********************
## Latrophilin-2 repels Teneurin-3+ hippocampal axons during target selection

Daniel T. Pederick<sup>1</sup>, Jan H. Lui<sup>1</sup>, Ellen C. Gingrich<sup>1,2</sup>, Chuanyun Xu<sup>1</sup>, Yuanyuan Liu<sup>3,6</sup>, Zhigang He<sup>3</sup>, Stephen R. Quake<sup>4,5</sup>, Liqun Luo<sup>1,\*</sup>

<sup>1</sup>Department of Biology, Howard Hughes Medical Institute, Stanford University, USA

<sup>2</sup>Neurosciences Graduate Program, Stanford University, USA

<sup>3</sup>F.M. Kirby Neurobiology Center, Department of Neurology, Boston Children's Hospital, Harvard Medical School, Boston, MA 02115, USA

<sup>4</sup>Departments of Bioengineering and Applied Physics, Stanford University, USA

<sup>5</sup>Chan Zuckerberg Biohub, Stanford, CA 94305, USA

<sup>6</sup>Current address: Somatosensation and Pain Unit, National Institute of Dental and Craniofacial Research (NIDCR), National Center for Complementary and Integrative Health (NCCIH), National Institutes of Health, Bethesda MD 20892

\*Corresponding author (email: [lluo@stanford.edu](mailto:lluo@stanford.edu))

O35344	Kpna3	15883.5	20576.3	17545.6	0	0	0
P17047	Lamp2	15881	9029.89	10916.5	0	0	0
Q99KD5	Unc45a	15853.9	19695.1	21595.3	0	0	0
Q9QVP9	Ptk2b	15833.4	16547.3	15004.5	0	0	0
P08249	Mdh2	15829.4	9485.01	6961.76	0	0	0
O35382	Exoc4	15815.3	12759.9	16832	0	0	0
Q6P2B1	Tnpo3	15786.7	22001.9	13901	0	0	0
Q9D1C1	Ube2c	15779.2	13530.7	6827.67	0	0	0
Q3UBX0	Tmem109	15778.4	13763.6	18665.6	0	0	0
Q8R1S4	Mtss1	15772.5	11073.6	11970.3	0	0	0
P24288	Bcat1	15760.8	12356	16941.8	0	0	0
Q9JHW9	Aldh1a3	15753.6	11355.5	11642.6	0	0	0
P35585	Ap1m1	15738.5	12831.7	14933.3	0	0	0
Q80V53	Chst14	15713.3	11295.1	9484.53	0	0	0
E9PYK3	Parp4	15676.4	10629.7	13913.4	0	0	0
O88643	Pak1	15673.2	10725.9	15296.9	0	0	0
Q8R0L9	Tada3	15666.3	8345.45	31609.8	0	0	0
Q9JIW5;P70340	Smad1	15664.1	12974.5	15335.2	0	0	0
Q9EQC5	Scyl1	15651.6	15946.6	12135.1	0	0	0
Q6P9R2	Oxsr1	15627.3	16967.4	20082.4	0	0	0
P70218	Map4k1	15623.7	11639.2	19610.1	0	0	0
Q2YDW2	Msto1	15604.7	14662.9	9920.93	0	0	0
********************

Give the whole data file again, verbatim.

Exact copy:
## Latrophilin-2 repels Teneurin-3+ hippocampal axons during target selection

Daniel T. Pederick<sup>1</sup>, Jan H. Lui<sup>1</sup>, Ellen C. Gingrich<sup>1,2</sup>, Chuanyun Xu<sup>1</sup>, Yuanyuan Liu<sup>3,6</sup>, Zhigang He<sup>3</sup>, Stephen R. Quake<sup>4,5</sup>, Liqun Luo<sup>1,\*</sup>

<sup>1</sup>Department of Biology, Howard Hughes Medical Institute, Stanford University, USA

<sup>2</sup>Neurosciences Graduate Program, Stanford University, USA

<sup>3</sup>F.M. Kirby Neurobiology Center, Department of Neurology, Boston Children's Hospital, Harvard Medical School, Boston, MA 02115, USA

<sup>4</sup>Departments of Bioengineering and Applied Physics, Stanford University, USA

<sup>5</sup>Chan Zuckerberg Biohub, Stanford, CA 94305, USA

<sup>6</sup>Current address: Somatosensation and Pain Unit, National Institute of Dental and Craniofacial Research (NIDCR), National Center for Complementary and Integrative Health (NCCIH), National Institutes of Health, Bethesda MD 20892

\*Corresponding author (email: [lluo@stanford.edu](mailto:lluo@stanford.edu))

O35344	Kpna3	15883.5	20576.3	17545.6	0	0	0
P17047	Lamp2	15881	9029.89	10916.5	0	0	0
Q99KD5	Unc45a	15853.9	19695.1	21595.3	0	0	0
Q9QVP9	Ptk2b	15833.4	16547.3	15004.5	0	0	0
P08249	Mdh2	15829.4	9485.01	6961.76	0	0	0
O35382	Exoc4	15815.3	12759.9	16832	0	0	0
Q6P2B1	Tnpo3	15786.7	22001.9	13901	0	0	0
Q9D1C1	Ube2c	15779.2	13530.7	6827.67	0	0	0
Q3UBX0	Tmem109	15778.4	13763.6	18665.6	0	0	0
Q8R1S4	Mtss1	15772.5	11073.6	11970.3	0	0	0
P24288	Bcat1	15760.8	12356	16941.8	0	0	0
Q9JHW9	Aldh1a3	15753.6	11355.5	11642.6	0	0	0
P35585	Ap1m1	15738.5	12831.7	14933.3	0	0	0
Q80V53	Chst14	15713.3	11295.1	9484.53	0	0	0
E9PYK3	Parp4	15676.4	10629.7	13913.4	0	0	0
O88643	Pak1	15673.2	10725.9	15296.9	0	0	0
Q8R0L9	Tada3	15666.3	8345.45	31609.8	0	0	0
Q9JIW5;P70340	Smad1	15664.1	12974.5	15335.2	0	0	0
Q9EQC5	Scyl1	15651.6	15946.6	12135.1	0	0	0
Q6P9R2	Oxsr1	15627.3	16967.4	20082.4	0	0	0
P70218	Map4k1	15623.7	11639.2	19610.1	0	0	0
Q2YDW2	Msto1	15604.7	14662.9	9920.93	0	0	0